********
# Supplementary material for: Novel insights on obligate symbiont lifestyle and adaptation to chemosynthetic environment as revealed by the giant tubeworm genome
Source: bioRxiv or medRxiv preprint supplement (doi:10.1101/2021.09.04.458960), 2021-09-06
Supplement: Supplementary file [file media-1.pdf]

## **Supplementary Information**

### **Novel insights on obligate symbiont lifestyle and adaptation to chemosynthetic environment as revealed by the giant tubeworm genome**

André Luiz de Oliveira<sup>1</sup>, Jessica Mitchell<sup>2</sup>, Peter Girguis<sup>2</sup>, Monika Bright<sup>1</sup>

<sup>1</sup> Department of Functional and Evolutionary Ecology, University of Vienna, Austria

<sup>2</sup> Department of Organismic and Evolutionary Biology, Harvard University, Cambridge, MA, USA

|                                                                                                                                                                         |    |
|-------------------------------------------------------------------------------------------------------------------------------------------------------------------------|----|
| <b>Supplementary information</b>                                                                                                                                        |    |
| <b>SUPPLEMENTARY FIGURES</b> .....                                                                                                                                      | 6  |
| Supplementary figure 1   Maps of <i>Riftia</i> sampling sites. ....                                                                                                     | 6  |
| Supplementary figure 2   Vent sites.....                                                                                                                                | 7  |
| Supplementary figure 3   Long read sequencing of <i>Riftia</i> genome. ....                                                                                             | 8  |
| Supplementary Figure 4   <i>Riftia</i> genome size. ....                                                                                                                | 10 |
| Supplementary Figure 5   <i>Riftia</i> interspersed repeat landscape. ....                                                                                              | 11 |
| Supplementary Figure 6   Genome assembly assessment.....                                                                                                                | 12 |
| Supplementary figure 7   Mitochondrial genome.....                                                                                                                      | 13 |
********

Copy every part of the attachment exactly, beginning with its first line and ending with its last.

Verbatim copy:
# Supplementary material for: Novel insights on obligate symbiont lifestyle and adaptation to chemosynthetic environment as revealed by the giant tubeworm genome
Source: bioRxiv or medRxiv preprint supplement (doi:10.1101/2021.09.04.458960), 2021-09-06
Supplement: Supplementary file [file media-1.pdf]

## **Supplementary Information**

### **Novel insights on obligate symbiont lifestyle and adaptation to chemosynthetic environment as revealed by the giant tubeworm genome**

André Luiz de Oliveira<sup>1</sup>, Jessica Mitchell<sup>2</sup>, Peter Girguis<sup>2</sup>, Monika Bright<sup>1</sup>

<sup>1</sup> Department of Functional and Evolutionary Ecology, University of Vienna, Austria

<sup>2</sup> Department of Organismic and Evolutionary Biology, Harvard University, Cambridge, MA, USA

|                                                                                                                                                                         |    |
|-------------------------------------------------------------------------------------------------------------------------------------------------------------------------|----|
| <b>Supplementary information</b>                                                                                                                                        |    |
| <b>SUPPLEMENTARY FIGURES</b> .....                                                                                                                                      | 6  |
| Supplementary figure 1   Maps of <i>Riftia</i> sampling sites. ....                                                                                                     | 6  |
| Supplementary figure 2   Vent sites.....                                                                                                                                | 7  |
| Supplementary figure 3   Long read sequencing of <i>Riftia</i> genome. ....                                                                                             | 8  |
| Supplementary Figure 4   <i>Riftia</i> genome size. ....                                                                                                                | 10 |
| Supplementary Figure 5   <i>Riftia</i> interspersed repeat landscape. ....                                                                                              | 11 |
| Supplementary Figure 6   Genome assembly assessment.....                                                                                                                | 12 |
| Supplementary figure 7   Mitochondrial genome.....                                                                                                                      | 13 |